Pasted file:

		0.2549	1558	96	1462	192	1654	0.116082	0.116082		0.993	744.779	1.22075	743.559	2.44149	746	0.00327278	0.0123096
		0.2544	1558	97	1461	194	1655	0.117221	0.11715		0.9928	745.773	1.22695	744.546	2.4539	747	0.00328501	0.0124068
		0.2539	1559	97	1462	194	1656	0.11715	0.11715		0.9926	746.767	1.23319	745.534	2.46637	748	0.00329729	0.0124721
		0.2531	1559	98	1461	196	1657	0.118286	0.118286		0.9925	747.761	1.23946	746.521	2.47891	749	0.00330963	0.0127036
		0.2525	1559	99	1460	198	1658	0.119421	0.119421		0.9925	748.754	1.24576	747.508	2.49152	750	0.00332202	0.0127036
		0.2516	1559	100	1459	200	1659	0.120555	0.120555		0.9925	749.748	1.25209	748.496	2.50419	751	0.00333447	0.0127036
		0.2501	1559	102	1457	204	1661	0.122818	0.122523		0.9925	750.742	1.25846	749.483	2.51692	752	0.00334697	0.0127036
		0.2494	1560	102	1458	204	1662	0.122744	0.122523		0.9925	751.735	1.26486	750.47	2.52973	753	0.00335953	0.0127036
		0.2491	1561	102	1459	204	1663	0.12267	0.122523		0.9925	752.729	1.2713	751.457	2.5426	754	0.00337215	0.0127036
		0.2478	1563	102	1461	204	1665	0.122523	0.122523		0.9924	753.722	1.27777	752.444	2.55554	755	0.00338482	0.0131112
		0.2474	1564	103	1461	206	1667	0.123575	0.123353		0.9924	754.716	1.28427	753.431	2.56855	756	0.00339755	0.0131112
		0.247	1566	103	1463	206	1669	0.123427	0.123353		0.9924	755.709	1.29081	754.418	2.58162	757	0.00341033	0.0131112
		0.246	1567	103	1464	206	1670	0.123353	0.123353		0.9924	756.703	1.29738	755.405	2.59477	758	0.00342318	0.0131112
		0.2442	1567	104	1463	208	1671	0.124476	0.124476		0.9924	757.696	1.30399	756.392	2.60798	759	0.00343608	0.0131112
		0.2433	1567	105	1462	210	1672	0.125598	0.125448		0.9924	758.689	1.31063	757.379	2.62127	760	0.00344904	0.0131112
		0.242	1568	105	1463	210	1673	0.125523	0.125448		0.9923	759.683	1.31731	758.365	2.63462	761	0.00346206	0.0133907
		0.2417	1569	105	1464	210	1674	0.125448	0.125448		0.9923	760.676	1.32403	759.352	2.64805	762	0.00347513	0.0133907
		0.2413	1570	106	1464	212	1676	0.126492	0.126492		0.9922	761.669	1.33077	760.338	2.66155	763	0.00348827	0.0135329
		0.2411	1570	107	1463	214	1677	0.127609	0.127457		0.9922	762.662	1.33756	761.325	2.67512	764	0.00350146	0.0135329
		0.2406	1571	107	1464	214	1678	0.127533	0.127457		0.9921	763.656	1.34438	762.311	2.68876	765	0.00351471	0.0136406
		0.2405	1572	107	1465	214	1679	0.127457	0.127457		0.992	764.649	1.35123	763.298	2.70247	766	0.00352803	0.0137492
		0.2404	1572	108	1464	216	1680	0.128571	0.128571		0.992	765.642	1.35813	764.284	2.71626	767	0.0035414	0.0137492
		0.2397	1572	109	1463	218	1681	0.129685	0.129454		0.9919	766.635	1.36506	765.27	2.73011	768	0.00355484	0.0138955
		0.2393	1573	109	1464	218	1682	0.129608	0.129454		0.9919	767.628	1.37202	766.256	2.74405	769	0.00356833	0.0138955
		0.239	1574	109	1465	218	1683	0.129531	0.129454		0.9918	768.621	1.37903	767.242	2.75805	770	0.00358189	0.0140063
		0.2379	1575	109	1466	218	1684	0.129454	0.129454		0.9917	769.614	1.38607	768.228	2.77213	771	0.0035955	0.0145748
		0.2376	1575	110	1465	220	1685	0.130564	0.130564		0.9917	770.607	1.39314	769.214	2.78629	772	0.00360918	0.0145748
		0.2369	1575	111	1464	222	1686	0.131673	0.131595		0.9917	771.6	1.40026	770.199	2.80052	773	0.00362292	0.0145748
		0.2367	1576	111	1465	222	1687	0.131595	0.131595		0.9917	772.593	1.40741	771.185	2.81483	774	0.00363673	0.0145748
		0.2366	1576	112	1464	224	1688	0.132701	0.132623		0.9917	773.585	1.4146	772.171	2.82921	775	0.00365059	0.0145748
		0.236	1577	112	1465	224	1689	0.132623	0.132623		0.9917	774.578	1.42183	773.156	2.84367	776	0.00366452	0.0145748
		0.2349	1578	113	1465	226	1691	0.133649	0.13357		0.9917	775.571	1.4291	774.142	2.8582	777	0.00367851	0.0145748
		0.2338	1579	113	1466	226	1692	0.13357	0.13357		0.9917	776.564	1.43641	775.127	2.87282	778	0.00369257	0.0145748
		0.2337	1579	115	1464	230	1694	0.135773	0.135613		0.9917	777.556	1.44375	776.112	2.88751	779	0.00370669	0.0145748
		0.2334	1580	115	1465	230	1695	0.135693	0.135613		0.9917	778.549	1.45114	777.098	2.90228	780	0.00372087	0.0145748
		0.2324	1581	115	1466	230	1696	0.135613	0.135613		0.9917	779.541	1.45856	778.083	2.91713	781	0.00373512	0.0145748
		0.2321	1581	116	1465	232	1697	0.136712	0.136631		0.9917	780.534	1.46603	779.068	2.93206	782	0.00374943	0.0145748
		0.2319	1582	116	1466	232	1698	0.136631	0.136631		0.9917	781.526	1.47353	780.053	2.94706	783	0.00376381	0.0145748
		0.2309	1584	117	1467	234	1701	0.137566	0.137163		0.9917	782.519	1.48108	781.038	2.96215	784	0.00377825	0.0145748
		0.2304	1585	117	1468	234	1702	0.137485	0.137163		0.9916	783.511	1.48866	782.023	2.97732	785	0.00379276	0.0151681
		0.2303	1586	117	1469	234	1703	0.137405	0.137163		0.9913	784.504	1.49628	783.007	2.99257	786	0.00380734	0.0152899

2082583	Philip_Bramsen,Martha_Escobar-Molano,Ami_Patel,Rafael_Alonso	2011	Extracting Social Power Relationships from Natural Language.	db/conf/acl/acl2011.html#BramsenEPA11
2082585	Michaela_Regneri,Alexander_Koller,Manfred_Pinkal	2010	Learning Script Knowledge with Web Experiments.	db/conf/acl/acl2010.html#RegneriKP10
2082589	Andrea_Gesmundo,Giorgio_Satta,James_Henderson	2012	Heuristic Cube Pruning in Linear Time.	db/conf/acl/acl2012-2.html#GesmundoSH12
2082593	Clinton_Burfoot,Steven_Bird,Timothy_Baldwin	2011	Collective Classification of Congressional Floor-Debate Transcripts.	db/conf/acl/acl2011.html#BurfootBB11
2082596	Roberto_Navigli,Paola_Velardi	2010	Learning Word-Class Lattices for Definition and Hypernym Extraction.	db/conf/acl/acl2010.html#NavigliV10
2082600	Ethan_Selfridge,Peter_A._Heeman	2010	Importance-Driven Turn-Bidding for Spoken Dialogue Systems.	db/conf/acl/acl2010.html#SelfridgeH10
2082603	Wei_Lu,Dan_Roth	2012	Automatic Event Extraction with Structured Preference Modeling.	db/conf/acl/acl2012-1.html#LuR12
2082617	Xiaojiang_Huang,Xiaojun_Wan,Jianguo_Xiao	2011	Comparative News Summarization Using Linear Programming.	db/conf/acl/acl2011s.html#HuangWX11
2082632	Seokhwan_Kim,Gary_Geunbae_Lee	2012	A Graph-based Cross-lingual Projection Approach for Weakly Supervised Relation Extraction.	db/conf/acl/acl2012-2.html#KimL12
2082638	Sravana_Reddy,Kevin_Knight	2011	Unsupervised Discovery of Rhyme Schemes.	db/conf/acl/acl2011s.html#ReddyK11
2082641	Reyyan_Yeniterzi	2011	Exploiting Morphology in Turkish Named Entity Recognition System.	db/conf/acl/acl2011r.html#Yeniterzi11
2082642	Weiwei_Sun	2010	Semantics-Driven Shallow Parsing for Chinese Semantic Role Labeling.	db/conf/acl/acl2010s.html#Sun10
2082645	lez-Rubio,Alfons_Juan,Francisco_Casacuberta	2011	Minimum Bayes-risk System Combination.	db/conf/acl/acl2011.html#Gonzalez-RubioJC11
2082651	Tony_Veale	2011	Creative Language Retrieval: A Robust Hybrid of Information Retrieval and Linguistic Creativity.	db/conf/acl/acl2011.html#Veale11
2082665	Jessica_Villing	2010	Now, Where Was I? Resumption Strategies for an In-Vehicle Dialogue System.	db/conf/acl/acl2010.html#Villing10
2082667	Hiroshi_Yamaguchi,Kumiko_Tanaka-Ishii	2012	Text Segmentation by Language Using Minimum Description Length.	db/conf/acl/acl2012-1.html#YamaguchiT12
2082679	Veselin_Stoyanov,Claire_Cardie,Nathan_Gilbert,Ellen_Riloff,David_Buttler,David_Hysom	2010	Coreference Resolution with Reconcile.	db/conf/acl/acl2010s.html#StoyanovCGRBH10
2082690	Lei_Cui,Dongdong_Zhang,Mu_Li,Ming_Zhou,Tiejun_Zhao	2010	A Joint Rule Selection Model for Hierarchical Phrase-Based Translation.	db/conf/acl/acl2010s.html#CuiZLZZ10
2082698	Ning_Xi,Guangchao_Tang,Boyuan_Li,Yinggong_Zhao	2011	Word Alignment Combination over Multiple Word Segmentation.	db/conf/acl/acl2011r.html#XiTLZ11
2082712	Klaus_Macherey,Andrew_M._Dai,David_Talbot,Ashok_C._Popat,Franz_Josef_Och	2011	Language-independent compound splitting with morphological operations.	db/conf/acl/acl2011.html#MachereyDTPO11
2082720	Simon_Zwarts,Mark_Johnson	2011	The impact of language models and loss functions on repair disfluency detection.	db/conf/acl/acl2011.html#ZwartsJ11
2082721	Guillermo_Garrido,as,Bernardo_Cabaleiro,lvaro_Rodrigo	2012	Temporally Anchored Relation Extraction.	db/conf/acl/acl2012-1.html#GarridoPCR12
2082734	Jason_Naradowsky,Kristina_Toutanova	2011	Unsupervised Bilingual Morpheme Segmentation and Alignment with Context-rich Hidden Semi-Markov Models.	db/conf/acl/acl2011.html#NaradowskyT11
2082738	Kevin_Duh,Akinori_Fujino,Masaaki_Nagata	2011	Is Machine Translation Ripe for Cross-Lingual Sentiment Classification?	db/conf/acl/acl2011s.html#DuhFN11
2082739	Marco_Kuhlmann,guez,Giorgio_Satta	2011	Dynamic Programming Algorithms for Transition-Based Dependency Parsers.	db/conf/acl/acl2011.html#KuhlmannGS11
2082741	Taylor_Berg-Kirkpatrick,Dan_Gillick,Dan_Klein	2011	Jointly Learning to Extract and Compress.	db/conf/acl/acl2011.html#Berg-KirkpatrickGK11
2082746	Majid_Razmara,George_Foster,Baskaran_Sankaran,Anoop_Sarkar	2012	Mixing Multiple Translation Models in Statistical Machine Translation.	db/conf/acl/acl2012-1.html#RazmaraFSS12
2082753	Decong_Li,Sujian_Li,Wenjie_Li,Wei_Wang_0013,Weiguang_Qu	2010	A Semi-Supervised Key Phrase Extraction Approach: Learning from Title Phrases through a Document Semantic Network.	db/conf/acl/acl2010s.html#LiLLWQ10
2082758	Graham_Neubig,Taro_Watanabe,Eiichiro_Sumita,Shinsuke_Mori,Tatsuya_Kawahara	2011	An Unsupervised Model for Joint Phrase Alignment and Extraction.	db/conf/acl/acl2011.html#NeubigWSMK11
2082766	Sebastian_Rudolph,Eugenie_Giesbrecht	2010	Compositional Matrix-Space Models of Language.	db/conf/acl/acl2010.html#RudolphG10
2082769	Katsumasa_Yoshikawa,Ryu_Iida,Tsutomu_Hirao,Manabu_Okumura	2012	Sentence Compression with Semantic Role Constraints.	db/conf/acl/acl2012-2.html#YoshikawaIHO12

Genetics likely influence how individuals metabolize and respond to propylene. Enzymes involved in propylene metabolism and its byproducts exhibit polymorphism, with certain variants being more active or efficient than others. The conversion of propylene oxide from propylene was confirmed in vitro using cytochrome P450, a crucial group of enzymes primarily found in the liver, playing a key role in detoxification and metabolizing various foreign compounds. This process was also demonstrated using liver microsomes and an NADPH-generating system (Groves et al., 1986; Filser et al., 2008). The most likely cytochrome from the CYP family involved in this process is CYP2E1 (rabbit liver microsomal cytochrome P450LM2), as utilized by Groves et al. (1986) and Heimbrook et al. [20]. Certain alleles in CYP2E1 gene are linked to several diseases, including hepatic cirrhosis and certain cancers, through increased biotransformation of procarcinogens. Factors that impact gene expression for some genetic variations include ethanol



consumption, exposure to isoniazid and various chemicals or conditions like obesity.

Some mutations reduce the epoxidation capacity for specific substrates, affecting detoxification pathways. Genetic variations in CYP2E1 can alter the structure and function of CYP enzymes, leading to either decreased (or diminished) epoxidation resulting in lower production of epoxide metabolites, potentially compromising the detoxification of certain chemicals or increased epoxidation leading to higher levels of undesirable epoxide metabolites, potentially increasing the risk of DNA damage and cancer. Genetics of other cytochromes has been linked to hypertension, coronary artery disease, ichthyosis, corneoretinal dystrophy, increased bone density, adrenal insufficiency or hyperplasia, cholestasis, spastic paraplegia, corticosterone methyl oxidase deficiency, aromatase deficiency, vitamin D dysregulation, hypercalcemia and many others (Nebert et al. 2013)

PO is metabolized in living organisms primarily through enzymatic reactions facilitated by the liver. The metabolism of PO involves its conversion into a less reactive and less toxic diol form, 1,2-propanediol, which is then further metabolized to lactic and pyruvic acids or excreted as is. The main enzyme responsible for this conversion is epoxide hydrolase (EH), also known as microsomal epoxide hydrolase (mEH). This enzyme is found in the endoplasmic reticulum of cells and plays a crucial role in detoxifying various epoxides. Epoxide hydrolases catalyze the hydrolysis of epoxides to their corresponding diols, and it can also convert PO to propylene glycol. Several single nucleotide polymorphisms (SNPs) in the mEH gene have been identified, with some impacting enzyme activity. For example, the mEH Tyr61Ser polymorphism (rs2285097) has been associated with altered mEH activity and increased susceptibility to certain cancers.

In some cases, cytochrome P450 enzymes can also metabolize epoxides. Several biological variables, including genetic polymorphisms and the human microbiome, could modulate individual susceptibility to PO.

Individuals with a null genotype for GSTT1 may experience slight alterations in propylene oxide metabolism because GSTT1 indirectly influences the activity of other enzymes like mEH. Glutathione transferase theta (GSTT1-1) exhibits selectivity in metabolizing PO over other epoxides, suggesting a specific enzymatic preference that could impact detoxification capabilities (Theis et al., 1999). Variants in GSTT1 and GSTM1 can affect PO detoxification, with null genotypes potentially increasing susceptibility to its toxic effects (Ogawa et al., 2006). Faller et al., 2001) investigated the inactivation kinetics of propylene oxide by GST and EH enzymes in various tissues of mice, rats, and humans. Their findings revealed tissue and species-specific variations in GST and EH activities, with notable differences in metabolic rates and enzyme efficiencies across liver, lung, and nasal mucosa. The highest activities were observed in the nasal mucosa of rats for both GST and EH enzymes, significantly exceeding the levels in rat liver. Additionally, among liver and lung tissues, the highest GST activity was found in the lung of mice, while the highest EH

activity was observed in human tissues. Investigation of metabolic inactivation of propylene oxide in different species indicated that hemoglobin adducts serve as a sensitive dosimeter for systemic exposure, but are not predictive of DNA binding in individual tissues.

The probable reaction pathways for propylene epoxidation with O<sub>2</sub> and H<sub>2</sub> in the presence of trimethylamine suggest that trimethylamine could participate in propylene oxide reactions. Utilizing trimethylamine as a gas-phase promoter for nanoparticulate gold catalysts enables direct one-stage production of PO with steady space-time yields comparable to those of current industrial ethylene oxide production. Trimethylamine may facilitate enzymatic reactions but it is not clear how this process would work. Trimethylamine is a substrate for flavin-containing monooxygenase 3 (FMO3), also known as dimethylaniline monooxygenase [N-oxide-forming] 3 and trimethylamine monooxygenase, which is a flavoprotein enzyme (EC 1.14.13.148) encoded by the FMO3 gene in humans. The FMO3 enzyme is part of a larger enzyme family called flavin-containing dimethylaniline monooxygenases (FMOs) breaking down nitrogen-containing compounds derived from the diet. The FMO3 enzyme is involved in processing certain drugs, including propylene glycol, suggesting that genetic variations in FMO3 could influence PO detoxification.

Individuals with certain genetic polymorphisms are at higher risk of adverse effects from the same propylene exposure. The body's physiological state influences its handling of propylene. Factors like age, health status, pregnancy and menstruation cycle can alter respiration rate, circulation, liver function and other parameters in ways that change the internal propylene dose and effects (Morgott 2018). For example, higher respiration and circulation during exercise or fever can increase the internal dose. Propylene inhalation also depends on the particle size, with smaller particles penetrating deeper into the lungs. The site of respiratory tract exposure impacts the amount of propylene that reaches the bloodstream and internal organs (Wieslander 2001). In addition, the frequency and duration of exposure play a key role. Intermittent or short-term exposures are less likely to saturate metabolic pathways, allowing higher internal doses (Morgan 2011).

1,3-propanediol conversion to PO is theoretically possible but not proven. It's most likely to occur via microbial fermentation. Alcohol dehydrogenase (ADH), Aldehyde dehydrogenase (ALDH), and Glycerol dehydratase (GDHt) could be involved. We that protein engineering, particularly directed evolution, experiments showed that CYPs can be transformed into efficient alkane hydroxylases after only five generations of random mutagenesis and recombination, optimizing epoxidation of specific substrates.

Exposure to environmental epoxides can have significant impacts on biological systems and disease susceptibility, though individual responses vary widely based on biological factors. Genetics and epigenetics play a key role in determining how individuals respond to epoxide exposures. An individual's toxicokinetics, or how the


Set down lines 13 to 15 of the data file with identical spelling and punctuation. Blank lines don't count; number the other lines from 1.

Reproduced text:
		0.246	1567	103	1464	206	1670	0.123353	0.123353		0.9924	756.703	1.29738	755.405	2.59477	758	0.00342318	0.0131112
		0.2442	1567	104	1463	208	1671	0.124476	0.124476		0.9924	757.696	1.30399	756.392	2.60798	759	0.00343608	0.0131112
		0.2433	1567	105	1462	210	1672	0.125598	0.125448		0.9924	758.689	1.31063	757.379	2.62127	760	0.00344904	0.0131112